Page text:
In a speech earlier this year, SEC Chair Mary Jo White said finalizing the Regulation A (many now call it Regulation A+) rule changes is one of her 2014 priorities. We hope nothing has changed and Chair White is pushing her staff in the Division of Corporation Finance, headed by Keith Higgins, to complete these important initiatives as soon as possible.
I have been speaking to many on Wall Street about the potential game-changing nature of the Regulation A changes. I am most excited about the fact that the SEC’s rule proposal seems to be sending a message that they hope to encourage the wide use of the updated technique. The proposal struck a masterful balance between appropriate easing of regulations on smaller IPOs while maintaining very strong investor protections. Hope we get this done soon!
Centenarian attorney Murray Shusterman
Well this one’s not a joke! It turns out there’s a lawyer at the venerable Fox Rothschild, still going strong, at 101 years old! According to the ABA Journal, Murray Shusterman wants to keep working in his Philadelphia office, with no plans to retire from his corporate and real estate practice.
Shusterman got his law license in 1936. He must have some stories to tell for sure, but it seems he is keeping mum. His 72-year old architect son says it’s his stubbornness that keeps him going. Born in the Ukraine, he and his parents came here in his youth. He graduated from Temple University Law School.
What must law practice have been like before World War II? I imagine pipe smoke billowing through a non-air conditioned office where bow-tied lawyers directed secretaries at their typewriters and steno pads as the Nation struggled its way through the Great Depression. I would think Attorney Shusterman has witnessed quite the dramatic change in both the world and law practice. Who knows, maybe he’ll send me an email. As more and more things that kill us are eradicated and lifespan improves, all I can say is keep going Murray! Gives me hope for the next 50 years!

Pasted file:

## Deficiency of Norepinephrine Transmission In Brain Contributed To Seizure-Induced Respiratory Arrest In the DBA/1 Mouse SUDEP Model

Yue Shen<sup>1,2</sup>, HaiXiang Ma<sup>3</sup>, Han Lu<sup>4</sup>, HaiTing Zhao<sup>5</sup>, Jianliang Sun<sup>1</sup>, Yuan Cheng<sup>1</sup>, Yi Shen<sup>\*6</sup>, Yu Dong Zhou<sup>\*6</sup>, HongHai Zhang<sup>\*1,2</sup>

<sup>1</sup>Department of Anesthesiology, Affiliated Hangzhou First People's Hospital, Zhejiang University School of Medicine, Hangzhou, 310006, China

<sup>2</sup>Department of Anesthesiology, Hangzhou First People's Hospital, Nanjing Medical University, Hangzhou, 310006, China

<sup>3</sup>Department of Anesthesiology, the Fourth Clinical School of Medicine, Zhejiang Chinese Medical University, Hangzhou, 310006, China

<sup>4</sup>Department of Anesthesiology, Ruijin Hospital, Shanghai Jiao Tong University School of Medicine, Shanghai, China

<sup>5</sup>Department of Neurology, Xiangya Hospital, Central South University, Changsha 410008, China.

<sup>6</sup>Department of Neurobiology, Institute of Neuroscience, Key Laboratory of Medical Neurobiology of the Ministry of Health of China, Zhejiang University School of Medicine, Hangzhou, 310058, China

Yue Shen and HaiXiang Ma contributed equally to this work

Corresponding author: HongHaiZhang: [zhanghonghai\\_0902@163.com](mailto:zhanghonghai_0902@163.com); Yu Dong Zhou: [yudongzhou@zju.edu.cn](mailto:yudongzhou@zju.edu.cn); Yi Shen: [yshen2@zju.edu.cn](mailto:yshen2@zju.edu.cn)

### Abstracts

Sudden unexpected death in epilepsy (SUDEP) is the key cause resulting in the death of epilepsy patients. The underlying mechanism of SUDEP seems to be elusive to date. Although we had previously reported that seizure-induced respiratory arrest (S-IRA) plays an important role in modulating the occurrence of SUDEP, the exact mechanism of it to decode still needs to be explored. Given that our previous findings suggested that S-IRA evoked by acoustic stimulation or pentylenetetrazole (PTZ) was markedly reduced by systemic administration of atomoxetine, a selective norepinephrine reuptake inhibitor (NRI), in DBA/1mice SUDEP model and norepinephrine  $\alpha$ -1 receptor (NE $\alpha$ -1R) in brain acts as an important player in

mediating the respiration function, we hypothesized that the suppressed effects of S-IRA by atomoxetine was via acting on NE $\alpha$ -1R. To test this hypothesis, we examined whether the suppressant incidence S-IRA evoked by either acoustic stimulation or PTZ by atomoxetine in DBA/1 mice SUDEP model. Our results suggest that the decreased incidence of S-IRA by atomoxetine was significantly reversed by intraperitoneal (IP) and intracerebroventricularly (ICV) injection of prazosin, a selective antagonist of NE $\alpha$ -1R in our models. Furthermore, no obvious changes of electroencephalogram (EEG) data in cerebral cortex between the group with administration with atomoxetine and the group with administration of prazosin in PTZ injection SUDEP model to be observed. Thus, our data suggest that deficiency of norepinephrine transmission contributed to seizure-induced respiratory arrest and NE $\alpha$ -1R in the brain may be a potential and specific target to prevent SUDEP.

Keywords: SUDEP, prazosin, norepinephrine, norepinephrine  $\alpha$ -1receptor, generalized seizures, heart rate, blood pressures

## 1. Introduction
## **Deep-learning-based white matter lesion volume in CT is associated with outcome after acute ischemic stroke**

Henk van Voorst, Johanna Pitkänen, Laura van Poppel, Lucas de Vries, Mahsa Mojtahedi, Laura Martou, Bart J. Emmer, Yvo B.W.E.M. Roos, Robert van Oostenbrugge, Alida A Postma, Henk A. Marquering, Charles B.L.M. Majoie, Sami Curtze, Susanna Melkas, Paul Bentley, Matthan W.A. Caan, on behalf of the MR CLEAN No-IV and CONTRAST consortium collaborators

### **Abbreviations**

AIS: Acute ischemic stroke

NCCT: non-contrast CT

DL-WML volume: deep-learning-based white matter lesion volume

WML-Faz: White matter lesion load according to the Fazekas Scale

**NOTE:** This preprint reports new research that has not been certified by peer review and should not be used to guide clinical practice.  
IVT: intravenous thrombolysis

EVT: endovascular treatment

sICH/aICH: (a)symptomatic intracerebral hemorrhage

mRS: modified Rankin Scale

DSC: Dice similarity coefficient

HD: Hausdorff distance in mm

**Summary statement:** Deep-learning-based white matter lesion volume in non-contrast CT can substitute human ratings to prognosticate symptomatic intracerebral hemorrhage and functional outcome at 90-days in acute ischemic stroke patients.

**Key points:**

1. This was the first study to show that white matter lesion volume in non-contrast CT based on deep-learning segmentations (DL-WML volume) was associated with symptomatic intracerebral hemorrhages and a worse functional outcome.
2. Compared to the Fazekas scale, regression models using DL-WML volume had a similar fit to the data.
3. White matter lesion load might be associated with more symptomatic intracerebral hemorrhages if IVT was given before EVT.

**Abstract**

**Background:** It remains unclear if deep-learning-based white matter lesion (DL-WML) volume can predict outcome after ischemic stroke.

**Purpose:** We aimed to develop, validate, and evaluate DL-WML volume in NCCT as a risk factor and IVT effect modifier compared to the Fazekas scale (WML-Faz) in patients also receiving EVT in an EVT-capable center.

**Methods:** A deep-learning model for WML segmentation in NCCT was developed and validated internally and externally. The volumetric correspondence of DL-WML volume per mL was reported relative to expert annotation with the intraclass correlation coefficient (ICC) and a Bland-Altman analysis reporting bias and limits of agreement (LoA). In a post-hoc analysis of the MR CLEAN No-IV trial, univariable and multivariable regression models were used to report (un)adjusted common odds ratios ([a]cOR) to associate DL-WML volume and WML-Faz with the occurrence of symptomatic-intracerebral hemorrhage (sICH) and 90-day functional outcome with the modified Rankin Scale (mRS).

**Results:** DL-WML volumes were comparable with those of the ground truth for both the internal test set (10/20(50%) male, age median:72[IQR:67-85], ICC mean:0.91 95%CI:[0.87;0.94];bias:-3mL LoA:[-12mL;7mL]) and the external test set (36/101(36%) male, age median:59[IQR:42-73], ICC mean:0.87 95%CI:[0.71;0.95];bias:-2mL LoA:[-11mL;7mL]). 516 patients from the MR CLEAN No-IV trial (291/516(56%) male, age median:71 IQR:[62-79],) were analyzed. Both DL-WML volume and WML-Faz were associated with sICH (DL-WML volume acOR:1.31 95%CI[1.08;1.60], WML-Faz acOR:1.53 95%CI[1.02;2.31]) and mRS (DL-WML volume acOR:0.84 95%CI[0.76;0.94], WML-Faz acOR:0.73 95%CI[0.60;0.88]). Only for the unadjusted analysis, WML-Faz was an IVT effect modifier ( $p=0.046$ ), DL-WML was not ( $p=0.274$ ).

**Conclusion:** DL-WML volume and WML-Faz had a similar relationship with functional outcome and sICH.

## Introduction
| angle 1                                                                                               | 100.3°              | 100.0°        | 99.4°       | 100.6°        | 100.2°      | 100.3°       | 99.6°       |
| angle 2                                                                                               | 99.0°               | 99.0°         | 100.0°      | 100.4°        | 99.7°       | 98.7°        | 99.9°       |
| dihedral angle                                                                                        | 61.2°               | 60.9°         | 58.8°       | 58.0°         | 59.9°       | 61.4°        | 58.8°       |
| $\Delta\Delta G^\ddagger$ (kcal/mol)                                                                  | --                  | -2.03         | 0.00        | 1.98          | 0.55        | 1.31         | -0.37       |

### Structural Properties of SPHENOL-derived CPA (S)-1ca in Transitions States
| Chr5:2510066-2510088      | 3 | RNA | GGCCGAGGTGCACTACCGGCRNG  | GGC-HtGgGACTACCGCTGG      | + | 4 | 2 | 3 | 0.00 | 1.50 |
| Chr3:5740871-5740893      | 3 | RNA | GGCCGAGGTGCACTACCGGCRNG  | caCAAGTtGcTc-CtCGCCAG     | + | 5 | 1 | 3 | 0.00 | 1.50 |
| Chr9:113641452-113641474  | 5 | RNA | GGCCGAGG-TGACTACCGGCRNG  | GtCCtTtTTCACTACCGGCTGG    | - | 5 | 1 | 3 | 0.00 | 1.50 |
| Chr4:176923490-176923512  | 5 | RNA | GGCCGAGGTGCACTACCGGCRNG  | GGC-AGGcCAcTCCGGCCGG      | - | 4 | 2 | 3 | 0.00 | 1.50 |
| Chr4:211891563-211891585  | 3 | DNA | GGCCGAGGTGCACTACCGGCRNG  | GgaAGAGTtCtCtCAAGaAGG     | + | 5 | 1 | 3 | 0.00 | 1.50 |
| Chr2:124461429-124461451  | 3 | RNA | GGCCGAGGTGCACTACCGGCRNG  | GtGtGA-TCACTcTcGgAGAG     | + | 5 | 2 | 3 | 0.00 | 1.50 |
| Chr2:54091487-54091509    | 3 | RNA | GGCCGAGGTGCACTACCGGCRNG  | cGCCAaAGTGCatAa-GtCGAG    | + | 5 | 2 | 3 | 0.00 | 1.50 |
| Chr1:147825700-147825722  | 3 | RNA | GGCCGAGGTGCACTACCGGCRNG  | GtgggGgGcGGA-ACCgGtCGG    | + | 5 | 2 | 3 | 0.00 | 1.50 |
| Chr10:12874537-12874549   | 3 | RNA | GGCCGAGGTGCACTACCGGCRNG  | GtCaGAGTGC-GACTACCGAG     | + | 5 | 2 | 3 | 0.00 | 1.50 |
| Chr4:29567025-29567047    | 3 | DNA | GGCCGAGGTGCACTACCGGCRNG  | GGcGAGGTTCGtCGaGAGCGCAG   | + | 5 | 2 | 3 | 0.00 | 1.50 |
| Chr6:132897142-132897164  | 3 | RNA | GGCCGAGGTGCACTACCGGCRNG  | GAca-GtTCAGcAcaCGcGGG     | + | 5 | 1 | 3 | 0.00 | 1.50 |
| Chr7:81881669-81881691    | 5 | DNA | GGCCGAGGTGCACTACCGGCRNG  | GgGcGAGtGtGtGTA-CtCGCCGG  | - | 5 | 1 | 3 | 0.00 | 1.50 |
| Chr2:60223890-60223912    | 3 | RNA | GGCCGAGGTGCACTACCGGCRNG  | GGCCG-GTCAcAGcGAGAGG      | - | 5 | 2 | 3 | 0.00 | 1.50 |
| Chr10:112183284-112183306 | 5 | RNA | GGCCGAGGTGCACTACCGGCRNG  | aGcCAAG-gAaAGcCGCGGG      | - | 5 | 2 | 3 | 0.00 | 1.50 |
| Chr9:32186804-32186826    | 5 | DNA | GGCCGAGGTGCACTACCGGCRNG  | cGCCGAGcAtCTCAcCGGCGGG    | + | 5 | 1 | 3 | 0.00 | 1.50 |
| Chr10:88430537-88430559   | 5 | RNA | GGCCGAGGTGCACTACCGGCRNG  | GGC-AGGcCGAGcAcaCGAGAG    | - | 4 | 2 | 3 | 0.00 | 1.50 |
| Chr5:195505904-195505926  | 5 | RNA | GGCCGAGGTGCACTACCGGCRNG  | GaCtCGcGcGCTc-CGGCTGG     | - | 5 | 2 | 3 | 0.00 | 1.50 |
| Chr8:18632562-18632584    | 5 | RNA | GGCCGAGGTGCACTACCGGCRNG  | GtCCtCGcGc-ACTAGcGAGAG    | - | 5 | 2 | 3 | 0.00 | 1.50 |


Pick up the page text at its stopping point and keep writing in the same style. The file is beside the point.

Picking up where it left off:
If you are active in business this has probably happened to you at least once. As soon as you hit “send” on an email you realize it went to more people than you intended. If you are lucky it’s innocent, if not then someone reads something you really wish they didn’t. In a sign of our interconnected times, this happened to a prosecutor involved in a major cheating scandal in the Atlanta schools, according to the ABA Journal. The case accuses senior school officials of rigging test results. Twenty-one people have already pled guilty to participating in the cheating or its coverup.
The Assistant District Attorney in Fulton County, GA was reacting to an email that a senior school official said she was too ill to appear in court due to cancer. Her two word response, meant only for her DA colleagues, “Surprise surprise.” Unfortunately this went to a whole bunch of people who received the email, including the official’s lawyers. Oops. Now the ADA has been suspended for 3 days and removed from the case. The ADA herself is actually a cancer survivor. She was apologetic, etc.